Now here’s a key error that the mainstream research and medical world is still laboring under: It is still generally thought that inflammation is also a natural response to tissue injury. I have discovered that–unequivocally—that is not true. When, for example, there is blunt injury—no microbes to kill—macrophages do need to be involved in gobbling up the mess of dead cells and cell debris. But they do not need to get activated, which involves the secretion of destructive chemicals like hydrogen peroxide and TNFα. They only cause damage and delay healing (That’s why it helps to put ice on such a wound, to inhibit inflammation.) And if you are not glycine-deficient, blunt injury does not cause inflammation, but just naturally heals quite quickly.
What about abdominal obesity? After all, there’s not even any tissue injury to activate the macrophages. It is not known what the signal is precisely that sets them off. But I can tell you that they do NOT get activated if glycine is adequate. So where’s the proof of this? Two lines of evidence provide confirmation: First, we find that insulin resistant (pre-diabetic) and type-2 diabetic patients have significantly lower blood levels of glycine than normal. Over the last few years, the evidence for this has been accumulating, thanks in some measure to the new technological advance known as metabolomics, which allows the simultaneous measurement of hundreds of metabolites from each blood sample collected, rather than just a few. So for example, in 2010, a study identified glycine as the single most reduced metabolite—among 485 different metabolites identified—in 143 insulin-resistant 30-60-year-old men and women from 13 European countries, compared to 256 subjects with normal insulin sensitivity. Similar results have been showing up in several other recent studies among subjects with insulin resistance and abdominal obesity, as well as subjects with type 2 diabetes, as had shown up in earlier studies on laboratory rats with diabetes.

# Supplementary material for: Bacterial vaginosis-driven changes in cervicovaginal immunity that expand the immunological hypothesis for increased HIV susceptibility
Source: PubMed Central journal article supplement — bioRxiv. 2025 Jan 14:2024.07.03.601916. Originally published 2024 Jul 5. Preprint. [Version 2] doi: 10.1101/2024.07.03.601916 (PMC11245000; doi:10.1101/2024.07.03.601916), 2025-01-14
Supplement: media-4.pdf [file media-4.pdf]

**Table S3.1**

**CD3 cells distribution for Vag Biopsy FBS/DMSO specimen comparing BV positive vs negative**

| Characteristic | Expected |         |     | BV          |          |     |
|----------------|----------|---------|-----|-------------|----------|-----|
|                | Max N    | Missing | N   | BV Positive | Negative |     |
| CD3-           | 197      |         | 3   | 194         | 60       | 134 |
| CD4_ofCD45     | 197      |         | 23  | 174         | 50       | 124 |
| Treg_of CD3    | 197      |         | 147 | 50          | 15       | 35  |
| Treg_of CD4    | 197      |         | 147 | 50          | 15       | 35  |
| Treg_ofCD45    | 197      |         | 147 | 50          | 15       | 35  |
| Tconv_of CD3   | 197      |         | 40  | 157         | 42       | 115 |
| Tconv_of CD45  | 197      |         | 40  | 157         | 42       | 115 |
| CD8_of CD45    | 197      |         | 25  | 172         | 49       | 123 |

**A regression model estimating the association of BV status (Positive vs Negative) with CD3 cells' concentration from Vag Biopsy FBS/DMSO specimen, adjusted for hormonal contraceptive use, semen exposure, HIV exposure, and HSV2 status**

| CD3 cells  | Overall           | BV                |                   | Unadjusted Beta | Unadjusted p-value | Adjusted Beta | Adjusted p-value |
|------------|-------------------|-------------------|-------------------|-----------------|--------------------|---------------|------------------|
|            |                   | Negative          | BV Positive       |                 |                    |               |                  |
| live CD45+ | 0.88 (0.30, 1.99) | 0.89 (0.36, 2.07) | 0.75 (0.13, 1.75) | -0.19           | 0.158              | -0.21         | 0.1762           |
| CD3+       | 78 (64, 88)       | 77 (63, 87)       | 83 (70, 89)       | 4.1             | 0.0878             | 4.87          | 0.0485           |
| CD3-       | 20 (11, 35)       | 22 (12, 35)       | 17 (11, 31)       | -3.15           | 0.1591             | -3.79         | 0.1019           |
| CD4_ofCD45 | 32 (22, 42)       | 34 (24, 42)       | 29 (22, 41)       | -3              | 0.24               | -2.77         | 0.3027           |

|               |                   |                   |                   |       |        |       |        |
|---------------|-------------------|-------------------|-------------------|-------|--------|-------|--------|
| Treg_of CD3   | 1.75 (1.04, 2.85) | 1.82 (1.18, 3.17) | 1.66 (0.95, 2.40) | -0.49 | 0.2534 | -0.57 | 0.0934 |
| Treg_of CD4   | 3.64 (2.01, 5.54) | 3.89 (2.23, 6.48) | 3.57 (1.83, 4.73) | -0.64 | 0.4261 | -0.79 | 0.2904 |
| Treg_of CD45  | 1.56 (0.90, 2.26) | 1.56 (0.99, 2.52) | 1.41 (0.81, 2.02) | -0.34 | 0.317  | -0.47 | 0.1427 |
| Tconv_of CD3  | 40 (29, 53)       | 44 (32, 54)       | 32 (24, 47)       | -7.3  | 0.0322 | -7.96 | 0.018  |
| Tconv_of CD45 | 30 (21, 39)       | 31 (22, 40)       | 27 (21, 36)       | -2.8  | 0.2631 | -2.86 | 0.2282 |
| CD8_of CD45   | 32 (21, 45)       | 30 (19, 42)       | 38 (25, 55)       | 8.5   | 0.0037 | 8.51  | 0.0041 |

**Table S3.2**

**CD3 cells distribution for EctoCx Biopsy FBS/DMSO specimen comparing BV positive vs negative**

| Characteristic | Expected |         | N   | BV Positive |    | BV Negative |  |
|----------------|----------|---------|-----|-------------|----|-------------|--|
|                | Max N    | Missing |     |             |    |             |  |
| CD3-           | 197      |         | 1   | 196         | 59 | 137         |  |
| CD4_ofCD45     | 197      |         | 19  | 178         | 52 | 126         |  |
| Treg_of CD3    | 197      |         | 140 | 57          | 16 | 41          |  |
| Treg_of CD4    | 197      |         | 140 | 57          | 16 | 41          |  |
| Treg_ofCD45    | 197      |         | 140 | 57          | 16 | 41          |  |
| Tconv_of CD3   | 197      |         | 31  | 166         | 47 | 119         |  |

Second, clinical trials are starting to show that when insulin resistant and diabetic patients’ diets are supplemented with glycine, the clinical markers of the condition improve markedly as was previously demonstrated in laboratory rats. So, for example, in a study in Mexico City in 2008 found that, in 3 dozen patients taking 15 g/day of glycine (v. placebo controls) mean fasting glucose went down from 183 mg/dL to 140: from way diabetic to right on the border of diabetes. In the same study, hemoglobin A1C (a standard measure of long-term blood sugar control) decreased from 8.3 to 6.9 (i.e., down to non-diabetic levels), and a measure of TNF-α decreased 4-fold! A clinical study of my own is also in the works.
Finally, let’s not underestimate the value of self-experimentation: My experience with my own 8g/day sweetamine supplement was that, with no change in weight, it reduced my fasting glucose–which had gone up over the years to 129; just over the border into diabetic territory–down to 110: the top of the normal range. (Some sweetamine users diagnosed with type 2 diabetes have also reported not needing their medication anymore to control their blood sugar.)
So we end where we began: Enjoy the holidays, and eat, drink and be merry—even if you do pick up a few pounds. Just don’t forget the glycine.
About the Author
Joel Brind, Ph.D. has been a Professor of Biology and Endocrinology at Baruch College of the City University of New York for 28 years and a medical research biochemist since 1981. Long specializing in steroid biosynthesis and metabolism and endocrine-related cancers, he has specialized in amino acid metabolism in recent years, particularly in relation to glycine and one-carbon metabolism. In 2010 he founded Natural Food Science, LLC to make and market glycine supplement products via http://sweetamine.com , which includes his own blog HERE.